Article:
Racing Point boss Otmar Szafnauer has said more protests against them from other teams will be “futile” and “a waste of time”.
The RP20 has attracted plenty of attention in the Formula 1 paddock and especially from midfield rivals Renault who have launched not one, but two official FIA protests against the team. The first came after the Styrian Grand Prix at the Red Bull Ring and the second followed after the third round in Hungary.
Under particular scrutiny are the front and rear brake ducts on the RP20, with Renault claiming that Racing Point has received detailed drawings from engine suppliers Mercedes on how to replicate the ones that featured on the Silver Arrows’ title-winning W10 from 2019.
A verdict of the FIA’s first lengthy investigation into the RP20 could be reached and published ahead of the upcoming British Grand Prix, with other teams eagerly awaiting the decision as they could well adopt a similar copycat approach if the RP20 is deemed legal.
Racing Point are incredibly confident the FIA will decide in their favour and Szafnauer has warned Renault and other teams that any further protests relating to the legality of their car will be pointless.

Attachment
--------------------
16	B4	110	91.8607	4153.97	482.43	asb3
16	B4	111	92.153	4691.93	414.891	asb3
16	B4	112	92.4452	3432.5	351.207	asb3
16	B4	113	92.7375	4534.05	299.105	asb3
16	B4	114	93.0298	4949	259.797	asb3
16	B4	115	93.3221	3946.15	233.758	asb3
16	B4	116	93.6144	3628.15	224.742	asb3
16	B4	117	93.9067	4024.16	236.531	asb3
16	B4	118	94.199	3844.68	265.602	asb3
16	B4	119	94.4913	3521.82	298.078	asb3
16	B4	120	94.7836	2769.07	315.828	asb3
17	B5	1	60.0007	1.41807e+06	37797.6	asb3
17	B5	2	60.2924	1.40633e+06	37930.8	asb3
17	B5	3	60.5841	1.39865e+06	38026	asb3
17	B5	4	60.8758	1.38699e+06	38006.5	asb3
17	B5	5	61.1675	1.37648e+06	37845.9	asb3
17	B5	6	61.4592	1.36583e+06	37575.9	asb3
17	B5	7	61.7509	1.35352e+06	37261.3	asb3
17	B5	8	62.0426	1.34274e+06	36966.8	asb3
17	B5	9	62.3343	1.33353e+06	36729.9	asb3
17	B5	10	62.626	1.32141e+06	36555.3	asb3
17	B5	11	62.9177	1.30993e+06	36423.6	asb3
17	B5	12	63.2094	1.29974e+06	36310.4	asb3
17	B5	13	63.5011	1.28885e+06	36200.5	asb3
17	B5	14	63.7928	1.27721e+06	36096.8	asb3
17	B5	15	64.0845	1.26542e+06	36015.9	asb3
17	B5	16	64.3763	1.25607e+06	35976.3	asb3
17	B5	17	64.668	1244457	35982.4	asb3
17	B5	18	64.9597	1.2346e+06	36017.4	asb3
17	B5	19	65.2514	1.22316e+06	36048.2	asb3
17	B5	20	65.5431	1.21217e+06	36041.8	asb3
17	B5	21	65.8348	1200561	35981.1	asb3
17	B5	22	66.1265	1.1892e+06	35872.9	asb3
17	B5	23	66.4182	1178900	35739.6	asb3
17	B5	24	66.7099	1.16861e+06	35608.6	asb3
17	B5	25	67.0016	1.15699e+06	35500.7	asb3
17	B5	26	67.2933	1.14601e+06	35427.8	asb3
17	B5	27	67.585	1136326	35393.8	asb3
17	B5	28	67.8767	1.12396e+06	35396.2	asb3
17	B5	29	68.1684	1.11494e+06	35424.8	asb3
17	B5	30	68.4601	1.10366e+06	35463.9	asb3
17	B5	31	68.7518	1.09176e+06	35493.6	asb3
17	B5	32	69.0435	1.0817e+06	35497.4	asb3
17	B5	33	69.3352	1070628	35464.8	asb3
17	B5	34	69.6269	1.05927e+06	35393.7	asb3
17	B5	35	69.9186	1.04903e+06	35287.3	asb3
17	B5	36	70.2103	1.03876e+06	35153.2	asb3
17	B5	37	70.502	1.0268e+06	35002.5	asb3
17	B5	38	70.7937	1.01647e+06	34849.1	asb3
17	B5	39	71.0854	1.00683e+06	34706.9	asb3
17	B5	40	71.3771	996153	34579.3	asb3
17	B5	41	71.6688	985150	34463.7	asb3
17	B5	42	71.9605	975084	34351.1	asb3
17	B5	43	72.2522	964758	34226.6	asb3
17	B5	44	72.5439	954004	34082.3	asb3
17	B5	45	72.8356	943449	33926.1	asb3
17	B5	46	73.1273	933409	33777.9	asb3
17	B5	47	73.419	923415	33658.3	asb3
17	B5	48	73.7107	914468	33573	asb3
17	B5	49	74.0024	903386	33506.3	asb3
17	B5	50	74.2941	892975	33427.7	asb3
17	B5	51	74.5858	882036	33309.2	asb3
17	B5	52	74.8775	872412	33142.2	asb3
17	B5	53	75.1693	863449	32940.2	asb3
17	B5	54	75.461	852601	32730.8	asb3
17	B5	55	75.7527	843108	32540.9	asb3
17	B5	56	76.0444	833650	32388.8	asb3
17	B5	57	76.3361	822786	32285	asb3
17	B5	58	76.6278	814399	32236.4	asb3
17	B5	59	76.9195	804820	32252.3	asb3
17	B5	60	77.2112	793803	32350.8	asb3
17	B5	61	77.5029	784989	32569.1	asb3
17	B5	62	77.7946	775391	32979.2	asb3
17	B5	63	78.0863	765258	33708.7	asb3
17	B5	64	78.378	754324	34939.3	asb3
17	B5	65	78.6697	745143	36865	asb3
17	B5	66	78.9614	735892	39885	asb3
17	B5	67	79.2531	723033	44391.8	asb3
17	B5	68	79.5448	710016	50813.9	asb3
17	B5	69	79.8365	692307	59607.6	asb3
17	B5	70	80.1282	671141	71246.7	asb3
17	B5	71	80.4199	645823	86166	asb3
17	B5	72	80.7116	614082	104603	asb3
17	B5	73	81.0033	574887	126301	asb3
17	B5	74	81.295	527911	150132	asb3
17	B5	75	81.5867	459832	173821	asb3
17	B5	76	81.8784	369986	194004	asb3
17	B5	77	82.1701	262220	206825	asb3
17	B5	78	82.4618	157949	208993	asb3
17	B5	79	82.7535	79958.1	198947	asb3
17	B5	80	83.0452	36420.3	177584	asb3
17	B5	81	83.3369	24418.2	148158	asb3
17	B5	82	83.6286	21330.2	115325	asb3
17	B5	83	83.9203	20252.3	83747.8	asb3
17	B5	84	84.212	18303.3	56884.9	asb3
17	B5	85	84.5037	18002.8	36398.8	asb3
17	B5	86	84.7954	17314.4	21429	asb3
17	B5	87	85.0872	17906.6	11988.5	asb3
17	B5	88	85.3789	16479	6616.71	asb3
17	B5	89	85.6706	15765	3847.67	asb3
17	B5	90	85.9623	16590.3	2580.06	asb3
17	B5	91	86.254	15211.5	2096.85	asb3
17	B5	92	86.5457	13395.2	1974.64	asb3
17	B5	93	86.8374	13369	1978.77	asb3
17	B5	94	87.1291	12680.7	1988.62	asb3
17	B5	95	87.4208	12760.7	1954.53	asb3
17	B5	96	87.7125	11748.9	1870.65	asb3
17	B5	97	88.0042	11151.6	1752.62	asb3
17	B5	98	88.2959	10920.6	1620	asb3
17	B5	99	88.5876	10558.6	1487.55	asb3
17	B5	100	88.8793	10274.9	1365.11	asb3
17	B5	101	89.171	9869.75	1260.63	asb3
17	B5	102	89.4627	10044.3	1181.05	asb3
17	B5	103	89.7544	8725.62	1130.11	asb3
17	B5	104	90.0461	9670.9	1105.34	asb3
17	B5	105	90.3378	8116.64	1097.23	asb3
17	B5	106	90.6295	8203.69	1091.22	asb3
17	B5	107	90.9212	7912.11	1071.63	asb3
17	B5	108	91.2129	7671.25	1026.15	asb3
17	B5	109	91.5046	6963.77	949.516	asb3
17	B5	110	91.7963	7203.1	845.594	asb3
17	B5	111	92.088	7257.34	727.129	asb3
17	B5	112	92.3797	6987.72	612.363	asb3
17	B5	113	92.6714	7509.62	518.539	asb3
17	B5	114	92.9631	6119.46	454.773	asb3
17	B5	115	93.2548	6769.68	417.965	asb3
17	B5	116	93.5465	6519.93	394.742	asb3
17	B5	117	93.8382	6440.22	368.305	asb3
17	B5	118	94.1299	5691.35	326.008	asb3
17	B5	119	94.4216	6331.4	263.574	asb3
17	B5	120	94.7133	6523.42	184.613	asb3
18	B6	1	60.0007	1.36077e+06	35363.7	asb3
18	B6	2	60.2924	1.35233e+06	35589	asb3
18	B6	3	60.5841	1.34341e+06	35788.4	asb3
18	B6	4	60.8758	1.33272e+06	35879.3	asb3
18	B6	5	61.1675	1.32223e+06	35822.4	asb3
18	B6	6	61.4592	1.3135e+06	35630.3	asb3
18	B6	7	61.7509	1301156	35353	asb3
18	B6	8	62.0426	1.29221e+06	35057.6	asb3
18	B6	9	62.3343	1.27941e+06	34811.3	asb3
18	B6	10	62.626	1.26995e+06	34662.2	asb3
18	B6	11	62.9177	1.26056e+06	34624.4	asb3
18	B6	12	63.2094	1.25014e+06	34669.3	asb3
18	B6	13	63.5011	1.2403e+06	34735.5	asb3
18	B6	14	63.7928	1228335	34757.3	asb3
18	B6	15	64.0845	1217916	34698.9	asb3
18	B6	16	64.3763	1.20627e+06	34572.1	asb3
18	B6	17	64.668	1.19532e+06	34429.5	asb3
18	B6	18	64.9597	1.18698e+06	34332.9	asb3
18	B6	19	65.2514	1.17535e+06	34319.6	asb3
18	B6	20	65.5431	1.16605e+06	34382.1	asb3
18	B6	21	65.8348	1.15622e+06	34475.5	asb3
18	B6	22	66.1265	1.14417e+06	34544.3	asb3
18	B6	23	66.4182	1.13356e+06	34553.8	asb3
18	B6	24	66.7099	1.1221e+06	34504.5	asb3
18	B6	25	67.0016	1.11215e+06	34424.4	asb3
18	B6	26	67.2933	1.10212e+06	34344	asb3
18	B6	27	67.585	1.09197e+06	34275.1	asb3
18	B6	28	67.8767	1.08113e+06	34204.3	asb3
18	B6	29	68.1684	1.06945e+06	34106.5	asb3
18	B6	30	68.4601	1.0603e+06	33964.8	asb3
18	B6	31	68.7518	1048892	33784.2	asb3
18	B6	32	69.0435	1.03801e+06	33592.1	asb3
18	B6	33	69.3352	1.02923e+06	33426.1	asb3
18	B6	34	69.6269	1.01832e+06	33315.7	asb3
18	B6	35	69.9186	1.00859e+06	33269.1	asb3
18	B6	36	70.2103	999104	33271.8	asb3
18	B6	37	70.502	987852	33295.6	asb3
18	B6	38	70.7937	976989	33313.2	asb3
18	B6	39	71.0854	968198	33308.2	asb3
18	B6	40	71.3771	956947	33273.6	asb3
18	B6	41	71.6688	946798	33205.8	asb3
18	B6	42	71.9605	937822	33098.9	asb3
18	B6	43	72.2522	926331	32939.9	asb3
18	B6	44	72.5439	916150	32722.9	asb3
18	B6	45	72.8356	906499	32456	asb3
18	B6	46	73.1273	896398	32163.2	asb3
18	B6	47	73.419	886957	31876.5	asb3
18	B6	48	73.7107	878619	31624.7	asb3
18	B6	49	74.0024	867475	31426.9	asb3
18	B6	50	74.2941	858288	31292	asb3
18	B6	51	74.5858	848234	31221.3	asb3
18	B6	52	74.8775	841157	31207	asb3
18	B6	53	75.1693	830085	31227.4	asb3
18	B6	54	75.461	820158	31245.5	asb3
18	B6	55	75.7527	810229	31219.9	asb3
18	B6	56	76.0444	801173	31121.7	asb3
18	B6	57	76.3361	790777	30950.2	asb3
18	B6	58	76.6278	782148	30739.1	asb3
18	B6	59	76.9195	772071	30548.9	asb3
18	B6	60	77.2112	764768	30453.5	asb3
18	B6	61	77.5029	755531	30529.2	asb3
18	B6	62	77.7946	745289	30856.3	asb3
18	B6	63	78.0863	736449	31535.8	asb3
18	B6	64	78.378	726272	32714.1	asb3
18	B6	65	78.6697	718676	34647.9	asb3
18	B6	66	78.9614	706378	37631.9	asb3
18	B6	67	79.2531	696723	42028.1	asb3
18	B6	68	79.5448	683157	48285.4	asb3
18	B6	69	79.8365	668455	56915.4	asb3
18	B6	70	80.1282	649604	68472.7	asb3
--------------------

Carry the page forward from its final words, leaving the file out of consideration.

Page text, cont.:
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“We know the rules, we know the sporting regulations, we know the technical regulations very well,” Szafnauer said via RaceFans.net.
“And we’re 100 percent compliant.
“We didn’t breach anything. So I think it would be futile and just a waste of time to go over the same ground over and over.
“The FIA came in March and had a good understanding of how we developed this car, what we did to get to where we got to. And they’re 100 percent happy that we did it legally and within the regulations.
“It’s just the stewards didn’t come. So now we’ve got to explain what we explained to the FIA and technical delegates.
If the RP20 was to be deemed illegal, Racing Point would appeal the decision.
“The only reason you may sense a bit of frustration is probably because I have all the information of how we designed and developed our brake duct and the rest of the world doesn’t, because we haven’t disclosed it to the stewards,” Szafnauer said.
“We have disclosed it to the FIA, and the FIA was satisfied that what we’d done was legal; however, that’s not how the judicial system works. It’s the stewards who have the right and the power to rule, so now we have got to inform the stewards as well and it just takes a little bit of time.”
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